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Setting up Simple Financial Management Butte MT

Sometimes you don’t need a lot of money to start a business. What you need instead is good financial management. If you plan carefully, control spending, and monitor the money that comes into your business and the money that goes out, you can prevent a monetary emergency later.

Mr. Bruce S Graving, CFP®
(406) 723-8686
65 E Broadway St
Butte, MT
Firm
Thrivent Financial for Luthera
Areas of Specialization
Comprehensive Financial Planning, Retirement Income Management, Retirement Planning

Data Provided by:
Wells Fargo - Butte Uptown
(406) 533-7042
202 N Main St
Butte, MT
Type
Branch
Office Hours
Mon-Fri 07:30 AM-05:00 PM
Sat-Sun Closed

US Bank - Butte Office
(406) 496-4000
10 S Main St
Butte, MT
Drive Up Hours
Mon 08:00 am to 05:00 pm
Tue 08:00 am to 05:00 pm
Wed 08:00 am to 05:00 pm
Thur 08:00 am to 05:00 pm
Fri 08:00 am to 05:00 pm

Mrs. Berkley Evans Hudson, CFP®
(406) 587-5166
1711 W College St
Bozeman, MT
Firm
McKenna Financial
Areas of Specialization
Comprehensive Financial Planning, Life Planning, Retirement Planning, Small Business Planning, Women's Finances

Data Provided by:
Ms. Veda Murray, CFP®
(406) 257-2522
PO Box 143
Kalispell, MT
Firm
Whitman & Murray Inc

Data Provided by:
Mr. Bradley B Cederberg, CFP®
(406) 782-8321
49 N Main St
Butte, MT
Firm
D.A. Davidson & Co.

Data Provided by:
Wells Fargo - Butte South
(406) 533-7030
3650 Harrison Ave
Butte, MT
Type
Branch
Office Hours
Mon-Fri 07:30 AM-05:30 PM
Sat 09:00 AM-03:00 PM
Sun Closed

Robert Frey
Professional Financial Management, Inc.
(406) 587-1604
945 Technology Blvd., Suite 102
Bozeman, MT
Expertises
Retirement Plan Investment Advice, Ongoing Investment Management, Middle Income Client Needs, Retirement Planning & Distribution Rules
Certifications
NAPFA Registered Financial Advisor, CFP®, CLU

John Michael Knopik, CFP®
(406) 752-1040
2 Sunset Plaza
Kalispell, MT
Firm
Jordahl & Sliter - Wealth Management Group, LLC
Areas of Specialization
Asset Allocation, Business Succession Planning, Comprehensive Financial Planning, Divorce Issues, Education Planning, Estate Planning, Investment Management
Key Considerations
Average Net Worth: $5,000,001 or more

Average Income: $250,001 - $500,000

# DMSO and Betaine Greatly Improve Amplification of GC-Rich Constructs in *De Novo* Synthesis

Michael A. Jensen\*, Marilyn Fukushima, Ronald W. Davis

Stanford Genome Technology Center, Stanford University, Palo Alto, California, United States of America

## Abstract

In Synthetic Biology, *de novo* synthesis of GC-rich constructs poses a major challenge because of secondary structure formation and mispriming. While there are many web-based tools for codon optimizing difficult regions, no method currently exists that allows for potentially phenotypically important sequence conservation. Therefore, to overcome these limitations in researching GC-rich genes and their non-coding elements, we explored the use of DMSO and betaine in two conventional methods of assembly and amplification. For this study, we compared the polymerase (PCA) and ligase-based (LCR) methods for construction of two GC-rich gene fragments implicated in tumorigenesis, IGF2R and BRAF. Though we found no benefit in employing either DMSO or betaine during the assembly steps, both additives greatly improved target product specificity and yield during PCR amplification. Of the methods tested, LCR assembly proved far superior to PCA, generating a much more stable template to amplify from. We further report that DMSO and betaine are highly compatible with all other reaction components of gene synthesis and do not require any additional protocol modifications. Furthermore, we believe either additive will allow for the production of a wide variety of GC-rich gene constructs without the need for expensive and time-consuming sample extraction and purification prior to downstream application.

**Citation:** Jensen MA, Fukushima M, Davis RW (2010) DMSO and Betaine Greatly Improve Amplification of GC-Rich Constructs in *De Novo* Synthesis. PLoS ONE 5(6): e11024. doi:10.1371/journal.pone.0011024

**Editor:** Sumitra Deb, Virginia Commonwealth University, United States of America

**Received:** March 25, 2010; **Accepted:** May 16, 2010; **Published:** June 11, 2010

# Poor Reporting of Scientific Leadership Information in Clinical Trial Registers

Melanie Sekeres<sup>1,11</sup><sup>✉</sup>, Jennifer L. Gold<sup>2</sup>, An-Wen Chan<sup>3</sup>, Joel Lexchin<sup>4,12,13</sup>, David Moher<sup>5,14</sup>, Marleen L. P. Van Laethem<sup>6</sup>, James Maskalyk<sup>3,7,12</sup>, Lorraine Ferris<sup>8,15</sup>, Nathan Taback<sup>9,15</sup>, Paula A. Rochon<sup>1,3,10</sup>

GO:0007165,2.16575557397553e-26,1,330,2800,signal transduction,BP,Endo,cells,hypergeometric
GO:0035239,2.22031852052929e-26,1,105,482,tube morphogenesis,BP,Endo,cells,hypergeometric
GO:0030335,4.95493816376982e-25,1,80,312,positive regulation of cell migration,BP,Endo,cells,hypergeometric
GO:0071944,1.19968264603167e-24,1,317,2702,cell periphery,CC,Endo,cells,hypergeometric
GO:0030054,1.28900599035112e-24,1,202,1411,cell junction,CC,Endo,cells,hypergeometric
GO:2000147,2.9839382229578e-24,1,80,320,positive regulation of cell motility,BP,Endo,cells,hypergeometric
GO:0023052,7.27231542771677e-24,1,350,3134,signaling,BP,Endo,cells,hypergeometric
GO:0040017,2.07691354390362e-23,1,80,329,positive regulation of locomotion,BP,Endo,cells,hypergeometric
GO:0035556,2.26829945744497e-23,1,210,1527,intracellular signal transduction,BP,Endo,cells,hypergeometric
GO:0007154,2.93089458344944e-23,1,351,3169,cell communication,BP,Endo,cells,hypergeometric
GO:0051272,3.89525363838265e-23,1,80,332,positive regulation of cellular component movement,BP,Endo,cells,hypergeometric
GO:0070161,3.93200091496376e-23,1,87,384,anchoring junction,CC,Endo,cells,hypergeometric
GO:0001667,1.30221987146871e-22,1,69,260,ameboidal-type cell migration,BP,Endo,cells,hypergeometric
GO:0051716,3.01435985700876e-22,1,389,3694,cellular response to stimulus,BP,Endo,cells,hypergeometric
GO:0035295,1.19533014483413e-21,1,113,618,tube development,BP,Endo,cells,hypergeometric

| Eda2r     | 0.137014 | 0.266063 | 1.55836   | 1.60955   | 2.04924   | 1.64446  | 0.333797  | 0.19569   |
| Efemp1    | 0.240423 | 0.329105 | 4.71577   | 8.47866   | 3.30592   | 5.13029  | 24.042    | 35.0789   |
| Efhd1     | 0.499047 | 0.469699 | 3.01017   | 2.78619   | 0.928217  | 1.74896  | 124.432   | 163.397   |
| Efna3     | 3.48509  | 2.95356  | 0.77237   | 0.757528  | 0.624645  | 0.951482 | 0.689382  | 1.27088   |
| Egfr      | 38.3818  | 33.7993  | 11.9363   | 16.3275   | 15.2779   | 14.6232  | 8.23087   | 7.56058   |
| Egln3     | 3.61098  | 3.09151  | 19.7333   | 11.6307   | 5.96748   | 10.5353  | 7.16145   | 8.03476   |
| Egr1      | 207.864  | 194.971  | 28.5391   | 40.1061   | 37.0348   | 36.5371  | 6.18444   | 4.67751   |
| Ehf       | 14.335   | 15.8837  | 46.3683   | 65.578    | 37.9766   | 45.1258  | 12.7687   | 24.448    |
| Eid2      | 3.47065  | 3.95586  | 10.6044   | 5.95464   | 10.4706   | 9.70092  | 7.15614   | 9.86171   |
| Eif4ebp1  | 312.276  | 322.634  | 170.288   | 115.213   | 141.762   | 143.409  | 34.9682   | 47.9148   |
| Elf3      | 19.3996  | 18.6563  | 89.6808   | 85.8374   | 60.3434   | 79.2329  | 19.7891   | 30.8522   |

Data Provided by:
Brenda Way Rubino, CFP®
(406) 761-8888
1500 10th Ave S
Great Falls, MT
Firm
Waddell & Reed
Areas of Specialization
Comprehensive Financial Planning

Data Provided by:
Data Provided by:

Setting up Simple Financial Management

Provided By: 

Don't Launch Your Start-Up Until You Have the Finances Under Control
By Nora Caley

Sometimes you don’t need a lot of money to start a business. What you need instead is good financial management. If you plan carefully, control spending, and monitor the money that comes into your business and the money that goes out, you can prevent a monetary emergency later.

Besides preventing disaster, there are other reasons for sound financial management. If you know how much money your business is making and where the money is going, that can help you estimate your future profits. By making accurate projections, you will be able to decide whether you should expand your business. Your well-organized and accurate financial records might help you get a loan or other funding.
Financial management also makes it easier for you to pay taxes. If you are a sole proprietor or you are self employed, you don’t get paychecks with taxes withheld. Instead, you have to pay estimated taxes four times a year, and financial management makes it easier to figure out how much to pay.

Another reason to maintain good financial management is the analysis helps you see whether your business is succeeding. Sometimes when a business fails it’s not due to a lack of sales, but the inability of the business owner to control how much money the company spends, and how quickly the company gets paid for the products and services it sells. Proper financial management will help you keep track of these important details.

Getting Started

First, make sure you separate your business funds from your personal funds. That means different credit cards for your business and your household, and separate checking accounts.
If you have written a business plan, you might already have a projection of your business’s income and expenses for at least the first year. You can use this part of your plan as a guide for the more detailed financial plan you will write.

If you didn’t write a business plan, or if the financial pages of your plan didn’t include a lot of specifics, then write a cash flow analysis for your business. Start with a spreadsheet. If you have Microsoft Excel, set up a spreadsheet in which the column headings are months, and the rows show money in and money out.

The first row should be Cash On Hand. That’s your starting point, the money you have in the business checking account. The next few rows could have titles such as Cash Sales, Collections from Credit Accounts, and Other Cash Injection. On the bottom of that section, put a row called Total Cash. This section shows cash you actually have, not customers’ payments that you expect will arrive in the mail or be deposited into your account soon.

The next rows show the cash paid out. These rows include purchases of raw materials or ingredients, office supplies, advertising, gas mileage, shipping, and other categories. Don’t forget to include loan payments, credit card fees, and checking account fees. On th...

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